‘Wright-inspired’ home lives up to the legend, owner says
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Home lives up to Frank Lloyd Wright legend, owner says

‘Wright-inspired’ home lives up to the legend, owner says
Three years ago, Times staff writer Diane Haithman traveled to Lake Mahopac, N.Y., to report on a retired contractor’s attempt at a rare feat: to take one of Frank Lloyd Wright’s unbuilt designs and construct it exactly as Wright intended. Haithman recently went back to see the finished house and spoke with its owner. What follows is a photo tour of the home believed to be the first, since the architect’s death, to rise on its intended site.

To settle a lawsuit filed by the notoriously picky Frank Lloyd Wright Foundation, Joe Massaro agreed to designate his home on a private island in Lake Mahopac as “inspired by Frank Lloyd Wright” rather than “designed by Frank Lloyd Wright.”

But Massaro, who had the home constructed from preliminary drawings of a house Wright designed for the rocky island, believes that, if Wright were still living, he would have made the same sort of structural changes Massaro did to take advantage of advancing technology and to meet current construction codes.

“You hear these purists that talk about how no unbuilt Frank Lloyd Wright house should ever be built because Frank Lloyd Wright isn’t here anymore,” Massaro told The Times. “And then you take a look at this masterpiece of his – I’m sure Frank would rather have it built than not built at all.”

Added Massaro, “Now that I stay on the island, I see the genius of this guy. Every view is different; it’s an amazing place to live.” (Photo credit: Thomas Williams)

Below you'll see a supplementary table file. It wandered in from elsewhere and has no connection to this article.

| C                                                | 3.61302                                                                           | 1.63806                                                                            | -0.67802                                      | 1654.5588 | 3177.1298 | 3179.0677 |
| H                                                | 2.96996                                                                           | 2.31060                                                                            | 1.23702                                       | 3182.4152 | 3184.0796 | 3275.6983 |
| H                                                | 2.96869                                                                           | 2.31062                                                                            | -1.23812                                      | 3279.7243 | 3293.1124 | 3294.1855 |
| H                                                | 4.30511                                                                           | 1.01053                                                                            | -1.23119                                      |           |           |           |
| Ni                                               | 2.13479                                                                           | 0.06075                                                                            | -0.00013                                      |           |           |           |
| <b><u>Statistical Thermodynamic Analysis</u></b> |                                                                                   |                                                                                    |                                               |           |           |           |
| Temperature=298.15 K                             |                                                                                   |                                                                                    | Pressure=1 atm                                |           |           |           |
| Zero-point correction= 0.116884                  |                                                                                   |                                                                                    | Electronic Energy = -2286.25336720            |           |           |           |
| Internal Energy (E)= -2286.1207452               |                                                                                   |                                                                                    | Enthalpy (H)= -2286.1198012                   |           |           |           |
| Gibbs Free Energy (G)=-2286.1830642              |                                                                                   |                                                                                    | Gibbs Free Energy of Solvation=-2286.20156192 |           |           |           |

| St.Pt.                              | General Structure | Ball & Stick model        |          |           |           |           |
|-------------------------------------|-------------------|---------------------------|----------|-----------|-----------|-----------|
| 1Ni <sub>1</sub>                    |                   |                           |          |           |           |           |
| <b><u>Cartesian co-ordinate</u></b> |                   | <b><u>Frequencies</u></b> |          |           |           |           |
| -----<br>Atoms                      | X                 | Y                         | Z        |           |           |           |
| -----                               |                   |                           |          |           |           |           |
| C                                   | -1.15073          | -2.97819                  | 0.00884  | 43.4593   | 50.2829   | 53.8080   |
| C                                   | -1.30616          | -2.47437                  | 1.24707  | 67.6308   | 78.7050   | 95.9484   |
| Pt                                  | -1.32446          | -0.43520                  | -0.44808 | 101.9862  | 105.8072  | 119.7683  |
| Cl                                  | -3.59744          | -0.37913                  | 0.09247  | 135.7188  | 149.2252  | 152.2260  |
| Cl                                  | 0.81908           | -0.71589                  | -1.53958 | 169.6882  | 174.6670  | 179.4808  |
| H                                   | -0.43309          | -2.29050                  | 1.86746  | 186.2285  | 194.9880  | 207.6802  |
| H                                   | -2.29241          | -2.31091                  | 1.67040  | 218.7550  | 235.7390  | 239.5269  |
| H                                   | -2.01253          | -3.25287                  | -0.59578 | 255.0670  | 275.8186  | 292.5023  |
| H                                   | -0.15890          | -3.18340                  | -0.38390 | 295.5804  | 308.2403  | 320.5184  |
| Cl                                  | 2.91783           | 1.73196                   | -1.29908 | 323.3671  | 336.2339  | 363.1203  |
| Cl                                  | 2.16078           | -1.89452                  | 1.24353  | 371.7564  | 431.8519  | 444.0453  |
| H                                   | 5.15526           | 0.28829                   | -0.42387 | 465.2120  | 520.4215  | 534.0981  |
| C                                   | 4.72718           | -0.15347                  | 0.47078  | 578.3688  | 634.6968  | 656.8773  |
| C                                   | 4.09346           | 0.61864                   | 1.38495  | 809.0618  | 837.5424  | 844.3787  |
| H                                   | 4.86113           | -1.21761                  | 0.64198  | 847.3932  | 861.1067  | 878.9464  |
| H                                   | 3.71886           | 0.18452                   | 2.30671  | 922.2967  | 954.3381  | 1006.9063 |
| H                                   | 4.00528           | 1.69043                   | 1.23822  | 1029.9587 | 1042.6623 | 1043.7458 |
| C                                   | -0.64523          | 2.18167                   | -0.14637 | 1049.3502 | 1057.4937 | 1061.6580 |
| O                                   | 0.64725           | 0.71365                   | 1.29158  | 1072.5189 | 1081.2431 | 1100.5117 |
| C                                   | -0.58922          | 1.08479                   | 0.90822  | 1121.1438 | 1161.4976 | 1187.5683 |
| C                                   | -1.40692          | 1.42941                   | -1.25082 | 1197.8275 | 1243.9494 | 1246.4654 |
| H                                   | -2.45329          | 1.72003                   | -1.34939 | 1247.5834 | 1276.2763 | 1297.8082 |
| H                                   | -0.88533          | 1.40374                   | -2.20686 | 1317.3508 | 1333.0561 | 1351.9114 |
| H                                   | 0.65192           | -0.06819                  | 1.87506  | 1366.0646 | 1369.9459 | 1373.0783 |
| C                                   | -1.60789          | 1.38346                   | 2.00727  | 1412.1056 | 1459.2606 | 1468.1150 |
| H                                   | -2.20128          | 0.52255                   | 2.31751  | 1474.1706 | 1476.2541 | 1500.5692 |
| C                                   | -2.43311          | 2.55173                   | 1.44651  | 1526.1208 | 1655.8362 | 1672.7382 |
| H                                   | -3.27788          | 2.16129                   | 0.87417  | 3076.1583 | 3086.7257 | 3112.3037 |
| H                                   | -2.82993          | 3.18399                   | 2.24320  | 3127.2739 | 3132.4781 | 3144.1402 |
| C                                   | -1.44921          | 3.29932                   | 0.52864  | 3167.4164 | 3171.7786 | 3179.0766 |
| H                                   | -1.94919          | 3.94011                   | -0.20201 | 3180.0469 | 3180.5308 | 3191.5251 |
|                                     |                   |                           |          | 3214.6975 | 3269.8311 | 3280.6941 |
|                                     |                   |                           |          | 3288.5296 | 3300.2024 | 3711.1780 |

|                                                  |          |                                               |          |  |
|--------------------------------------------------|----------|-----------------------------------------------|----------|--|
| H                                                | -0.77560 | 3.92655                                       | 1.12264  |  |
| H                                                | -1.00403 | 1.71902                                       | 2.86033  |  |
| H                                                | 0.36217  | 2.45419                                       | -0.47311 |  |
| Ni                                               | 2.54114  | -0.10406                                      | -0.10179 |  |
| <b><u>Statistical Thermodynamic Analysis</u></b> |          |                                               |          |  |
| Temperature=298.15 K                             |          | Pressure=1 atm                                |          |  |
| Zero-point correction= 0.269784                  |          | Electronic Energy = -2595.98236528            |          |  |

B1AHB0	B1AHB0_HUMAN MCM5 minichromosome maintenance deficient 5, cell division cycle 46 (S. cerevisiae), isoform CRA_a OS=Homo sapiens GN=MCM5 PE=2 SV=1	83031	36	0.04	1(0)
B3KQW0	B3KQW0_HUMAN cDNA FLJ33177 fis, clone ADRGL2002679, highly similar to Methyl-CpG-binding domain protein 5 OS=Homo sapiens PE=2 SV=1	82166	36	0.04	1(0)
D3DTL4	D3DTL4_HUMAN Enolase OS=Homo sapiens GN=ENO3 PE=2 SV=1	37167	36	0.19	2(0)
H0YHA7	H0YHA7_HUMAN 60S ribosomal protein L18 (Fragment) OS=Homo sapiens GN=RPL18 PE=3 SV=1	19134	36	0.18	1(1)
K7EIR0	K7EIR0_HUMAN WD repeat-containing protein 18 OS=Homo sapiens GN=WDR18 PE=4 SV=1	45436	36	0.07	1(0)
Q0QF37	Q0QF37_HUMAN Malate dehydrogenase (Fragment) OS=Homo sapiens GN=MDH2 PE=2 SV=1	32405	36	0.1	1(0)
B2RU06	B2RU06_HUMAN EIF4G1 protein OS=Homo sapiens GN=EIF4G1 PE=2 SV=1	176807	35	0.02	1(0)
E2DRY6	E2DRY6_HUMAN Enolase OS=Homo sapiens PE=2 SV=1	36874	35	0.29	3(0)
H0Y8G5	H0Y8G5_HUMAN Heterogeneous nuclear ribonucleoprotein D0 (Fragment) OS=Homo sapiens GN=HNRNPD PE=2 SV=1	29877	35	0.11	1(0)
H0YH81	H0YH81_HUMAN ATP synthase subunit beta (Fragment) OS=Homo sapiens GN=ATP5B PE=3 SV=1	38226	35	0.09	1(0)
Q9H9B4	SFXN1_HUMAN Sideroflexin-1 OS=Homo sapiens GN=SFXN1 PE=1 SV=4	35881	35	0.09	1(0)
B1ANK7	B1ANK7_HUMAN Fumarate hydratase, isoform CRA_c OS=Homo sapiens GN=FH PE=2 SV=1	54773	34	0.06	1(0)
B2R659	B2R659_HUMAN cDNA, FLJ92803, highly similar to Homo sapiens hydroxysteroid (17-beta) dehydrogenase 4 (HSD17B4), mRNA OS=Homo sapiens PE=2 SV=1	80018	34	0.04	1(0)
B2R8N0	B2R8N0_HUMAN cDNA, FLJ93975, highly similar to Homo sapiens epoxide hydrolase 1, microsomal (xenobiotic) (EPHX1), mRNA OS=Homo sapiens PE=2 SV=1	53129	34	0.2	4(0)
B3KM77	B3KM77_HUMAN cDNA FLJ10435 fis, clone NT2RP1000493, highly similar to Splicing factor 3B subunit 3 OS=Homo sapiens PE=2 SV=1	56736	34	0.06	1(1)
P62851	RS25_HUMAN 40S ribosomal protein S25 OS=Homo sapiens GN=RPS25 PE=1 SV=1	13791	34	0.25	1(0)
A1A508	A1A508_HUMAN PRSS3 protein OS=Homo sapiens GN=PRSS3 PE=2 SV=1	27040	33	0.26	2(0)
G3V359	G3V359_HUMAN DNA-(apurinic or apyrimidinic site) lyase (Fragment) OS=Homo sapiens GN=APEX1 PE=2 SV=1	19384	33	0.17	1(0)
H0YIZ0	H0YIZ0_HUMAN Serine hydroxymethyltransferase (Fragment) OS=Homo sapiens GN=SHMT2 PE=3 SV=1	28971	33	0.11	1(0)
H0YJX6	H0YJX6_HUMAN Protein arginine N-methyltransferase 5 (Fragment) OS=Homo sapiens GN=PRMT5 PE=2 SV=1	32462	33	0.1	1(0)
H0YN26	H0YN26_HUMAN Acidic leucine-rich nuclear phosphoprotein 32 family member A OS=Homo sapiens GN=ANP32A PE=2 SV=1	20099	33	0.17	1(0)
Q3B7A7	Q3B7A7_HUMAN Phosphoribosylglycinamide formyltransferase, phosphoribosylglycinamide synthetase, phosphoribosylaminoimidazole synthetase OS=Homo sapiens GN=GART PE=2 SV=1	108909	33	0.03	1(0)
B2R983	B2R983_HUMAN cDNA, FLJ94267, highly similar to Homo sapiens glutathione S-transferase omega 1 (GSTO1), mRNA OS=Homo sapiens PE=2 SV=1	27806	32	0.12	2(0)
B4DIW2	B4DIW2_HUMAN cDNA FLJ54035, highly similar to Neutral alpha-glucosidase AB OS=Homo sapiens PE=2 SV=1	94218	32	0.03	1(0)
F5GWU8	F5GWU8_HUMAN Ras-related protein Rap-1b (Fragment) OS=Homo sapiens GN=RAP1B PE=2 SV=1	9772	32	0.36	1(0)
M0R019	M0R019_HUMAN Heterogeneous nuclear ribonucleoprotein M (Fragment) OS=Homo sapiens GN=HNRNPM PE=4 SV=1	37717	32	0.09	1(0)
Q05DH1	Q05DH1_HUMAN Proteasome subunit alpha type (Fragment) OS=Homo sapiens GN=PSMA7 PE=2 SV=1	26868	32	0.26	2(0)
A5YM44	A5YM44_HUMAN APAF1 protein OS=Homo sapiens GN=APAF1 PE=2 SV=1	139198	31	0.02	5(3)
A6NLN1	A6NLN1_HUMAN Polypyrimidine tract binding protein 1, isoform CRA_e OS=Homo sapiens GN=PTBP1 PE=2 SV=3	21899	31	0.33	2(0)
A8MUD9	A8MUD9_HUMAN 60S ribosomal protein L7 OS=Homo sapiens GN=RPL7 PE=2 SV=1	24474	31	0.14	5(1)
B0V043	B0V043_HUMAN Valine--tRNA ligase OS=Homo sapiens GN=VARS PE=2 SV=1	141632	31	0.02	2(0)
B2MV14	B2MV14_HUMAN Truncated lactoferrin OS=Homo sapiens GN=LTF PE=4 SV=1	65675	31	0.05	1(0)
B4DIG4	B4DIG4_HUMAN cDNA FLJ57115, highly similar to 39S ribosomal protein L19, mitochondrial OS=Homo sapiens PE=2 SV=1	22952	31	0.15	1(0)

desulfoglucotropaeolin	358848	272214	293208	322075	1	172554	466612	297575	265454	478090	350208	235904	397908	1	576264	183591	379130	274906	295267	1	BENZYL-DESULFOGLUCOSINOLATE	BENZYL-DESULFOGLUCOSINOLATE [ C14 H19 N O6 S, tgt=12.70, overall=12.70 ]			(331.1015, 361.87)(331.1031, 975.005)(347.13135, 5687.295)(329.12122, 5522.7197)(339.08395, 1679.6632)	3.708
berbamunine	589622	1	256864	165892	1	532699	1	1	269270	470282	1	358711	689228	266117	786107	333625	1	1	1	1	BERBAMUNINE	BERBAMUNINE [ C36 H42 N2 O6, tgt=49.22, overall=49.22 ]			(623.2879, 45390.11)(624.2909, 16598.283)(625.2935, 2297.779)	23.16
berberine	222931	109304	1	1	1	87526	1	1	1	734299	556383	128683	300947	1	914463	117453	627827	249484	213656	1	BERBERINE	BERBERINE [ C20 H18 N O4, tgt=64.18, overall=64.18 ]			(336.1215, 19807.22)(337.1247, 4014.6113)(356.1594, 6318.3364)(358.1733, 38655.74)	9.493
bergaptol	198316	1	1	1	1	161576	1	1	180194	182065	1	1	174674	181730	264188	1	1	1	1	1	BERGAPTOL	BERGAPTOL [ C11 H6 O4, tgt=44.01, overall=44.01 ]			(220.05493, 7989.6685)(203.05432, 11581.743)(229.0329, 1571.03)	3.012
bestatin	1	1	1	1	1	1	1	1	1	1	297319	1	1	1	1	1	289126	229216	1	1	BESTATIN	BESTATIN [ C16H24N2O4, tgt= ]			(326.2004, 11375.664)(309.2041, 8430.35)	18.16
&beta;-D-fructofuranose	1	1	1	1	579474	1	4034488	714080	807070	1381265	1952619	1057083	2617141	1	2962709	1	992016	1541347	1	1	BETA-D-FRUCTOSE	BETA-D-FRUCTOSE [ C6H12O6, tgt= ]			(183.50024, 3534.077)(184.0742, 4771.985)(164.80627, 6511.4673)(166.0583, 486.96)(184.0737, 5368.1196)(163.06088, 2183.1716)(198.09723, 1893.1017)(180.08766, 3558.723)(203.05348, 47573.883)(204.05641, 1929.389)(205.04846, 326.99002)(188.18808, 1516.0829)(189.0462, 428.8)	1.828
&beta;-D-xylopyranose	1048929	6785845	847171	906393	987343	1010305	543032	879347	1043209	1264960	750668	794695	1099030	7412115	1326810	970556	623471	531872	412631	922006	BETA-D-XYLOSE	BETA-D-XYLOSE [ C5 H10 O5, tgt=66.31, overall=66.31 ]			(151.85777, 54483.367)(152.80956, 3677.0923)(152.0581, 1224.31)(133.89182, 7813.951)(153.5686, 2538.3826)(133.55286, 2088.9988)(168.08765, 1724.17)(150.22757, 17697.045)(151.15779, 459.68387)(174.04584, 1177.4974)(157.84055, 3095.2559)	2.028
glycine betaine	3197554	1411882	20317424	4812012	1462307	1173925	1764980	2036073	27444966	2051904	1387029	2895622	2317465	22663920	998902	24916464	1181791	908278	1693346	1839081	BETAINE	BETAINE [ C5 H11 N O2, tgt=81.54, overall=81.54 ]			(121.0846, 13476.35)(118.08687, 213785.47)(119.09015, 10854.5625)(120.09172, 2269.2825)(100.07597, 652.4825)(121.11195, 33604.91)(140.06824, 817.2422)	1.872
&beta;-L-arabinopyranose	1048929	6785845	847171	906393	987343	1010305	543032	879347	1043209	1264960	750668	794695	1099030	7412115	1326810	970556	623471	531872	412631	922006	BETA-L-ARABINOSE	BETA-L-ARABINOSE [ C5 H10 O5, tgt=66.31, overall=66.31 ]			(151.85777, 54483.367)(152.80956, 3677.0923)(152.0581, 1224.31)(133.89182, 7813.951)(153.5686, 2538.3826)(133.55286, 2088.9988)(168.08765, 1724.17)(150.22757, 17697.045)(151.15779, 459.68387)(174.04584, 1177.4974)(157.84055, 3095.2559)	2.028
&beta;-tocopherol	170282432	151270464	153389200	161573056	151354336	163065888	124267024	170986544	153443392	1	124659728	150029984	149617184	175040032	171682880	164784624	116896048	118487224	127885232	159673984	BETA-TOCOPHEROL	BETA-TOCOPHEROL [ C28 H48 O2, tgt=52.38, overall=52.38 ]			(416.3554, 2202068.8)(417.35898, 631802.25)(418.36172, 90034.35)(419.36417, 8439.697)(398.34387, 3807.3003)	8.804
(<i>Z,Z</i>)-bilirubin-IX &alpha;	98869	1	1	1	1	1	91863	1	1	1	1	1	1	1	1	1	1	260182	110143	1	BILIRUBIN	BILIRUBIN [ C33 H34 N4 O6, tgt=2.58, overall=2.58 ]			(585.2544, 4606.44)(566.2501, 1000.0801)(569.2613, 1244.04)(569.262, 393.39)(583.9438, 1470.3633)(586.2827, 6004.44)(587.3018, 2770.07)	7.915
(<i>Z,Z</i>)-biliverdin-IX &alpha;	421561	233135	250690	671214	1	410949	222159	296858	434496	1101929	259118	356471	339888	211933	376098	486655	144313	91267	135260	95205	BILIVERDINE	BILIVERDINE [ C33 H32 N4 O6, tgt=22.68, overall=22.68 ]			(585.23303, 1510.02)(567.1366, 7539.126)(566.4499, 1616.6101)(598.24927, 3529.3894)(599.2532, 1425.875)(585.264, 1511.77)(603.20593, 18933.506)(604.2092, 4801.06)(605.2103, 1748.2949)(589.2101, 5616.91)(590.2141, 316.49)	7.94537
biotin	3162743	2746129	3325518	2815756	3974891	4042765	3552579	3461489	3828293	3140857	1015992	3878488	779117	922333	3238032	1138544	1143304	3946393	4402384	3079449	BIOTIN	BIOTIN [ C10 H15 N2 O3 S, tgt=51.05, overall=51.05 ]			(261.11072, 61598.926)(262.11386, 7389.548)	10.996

Massaro Gallery
A view of the cantilevered great hall in the Massaro Home at the shore of Lake Mahopac, in Mahopac, N.Y. The home’s most dramatic feature is a 28-foot cantilevered section that juts out over the lake. It’s believed to be the largest that Wright ever designed, almost doubling the size of the 15-foot cantilevers of his most famous home design, Fallingwater, near Mill Run, Pa.

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Massaro Gallery
A view from the end of the cantilevered area toward the dock. The outdoor fireplace is visible at right.

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Massaro Gallery
The so-called “whale rock” walls, made of natural rock and concrete, have drawn the ire of Wright purists because the rocks, native to the island, jut out from the walls, rather than exhibiting only the flat surfaces of the stones – a look incorporated in some of Wright’s Prairie-style homes in the Midwest.

“This is in New York – there are no prairie rocks; prairie rocks are flat,” Massaro says. “Frank Lloyd Wright was more of a naturalist; he used what fit naturally, and what fits naturally on the island are this type of rocks.”

He added that the rocks could not be pushed deeper into the concrete because of the space necessary for the required insulation.

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At center is a view of the “head” of the whale rock that inspired Wright. The exposed ledge near the stairway at right will become a reflecting pool.

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Massaro Gallery
The narrow entry to the home features a skylight. The entrance is fashioned around a massive boulder, dubbed the “whale rock,” that naturally occurs on the island.

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Massaro Gallery
Joe Massaro confers with lighting designer Naomi J. Miller in the dramatic entry hall that features a large skylight and the main body of the whale rock. Glass, concrete and mahogany wood are featured throughout the home.

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Massaro Gallery
Light drenches the master bedroom, which is suffused in natural elements.

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Massaro Gallery
Rocks creep out from the shower in a guest bathroom, making for handy ledges.

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Massaro Gallery
The view from inside the cantilevered section, which juts out 28 feet over the lake.

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Massaro Gallery
Living and working areas in the home.

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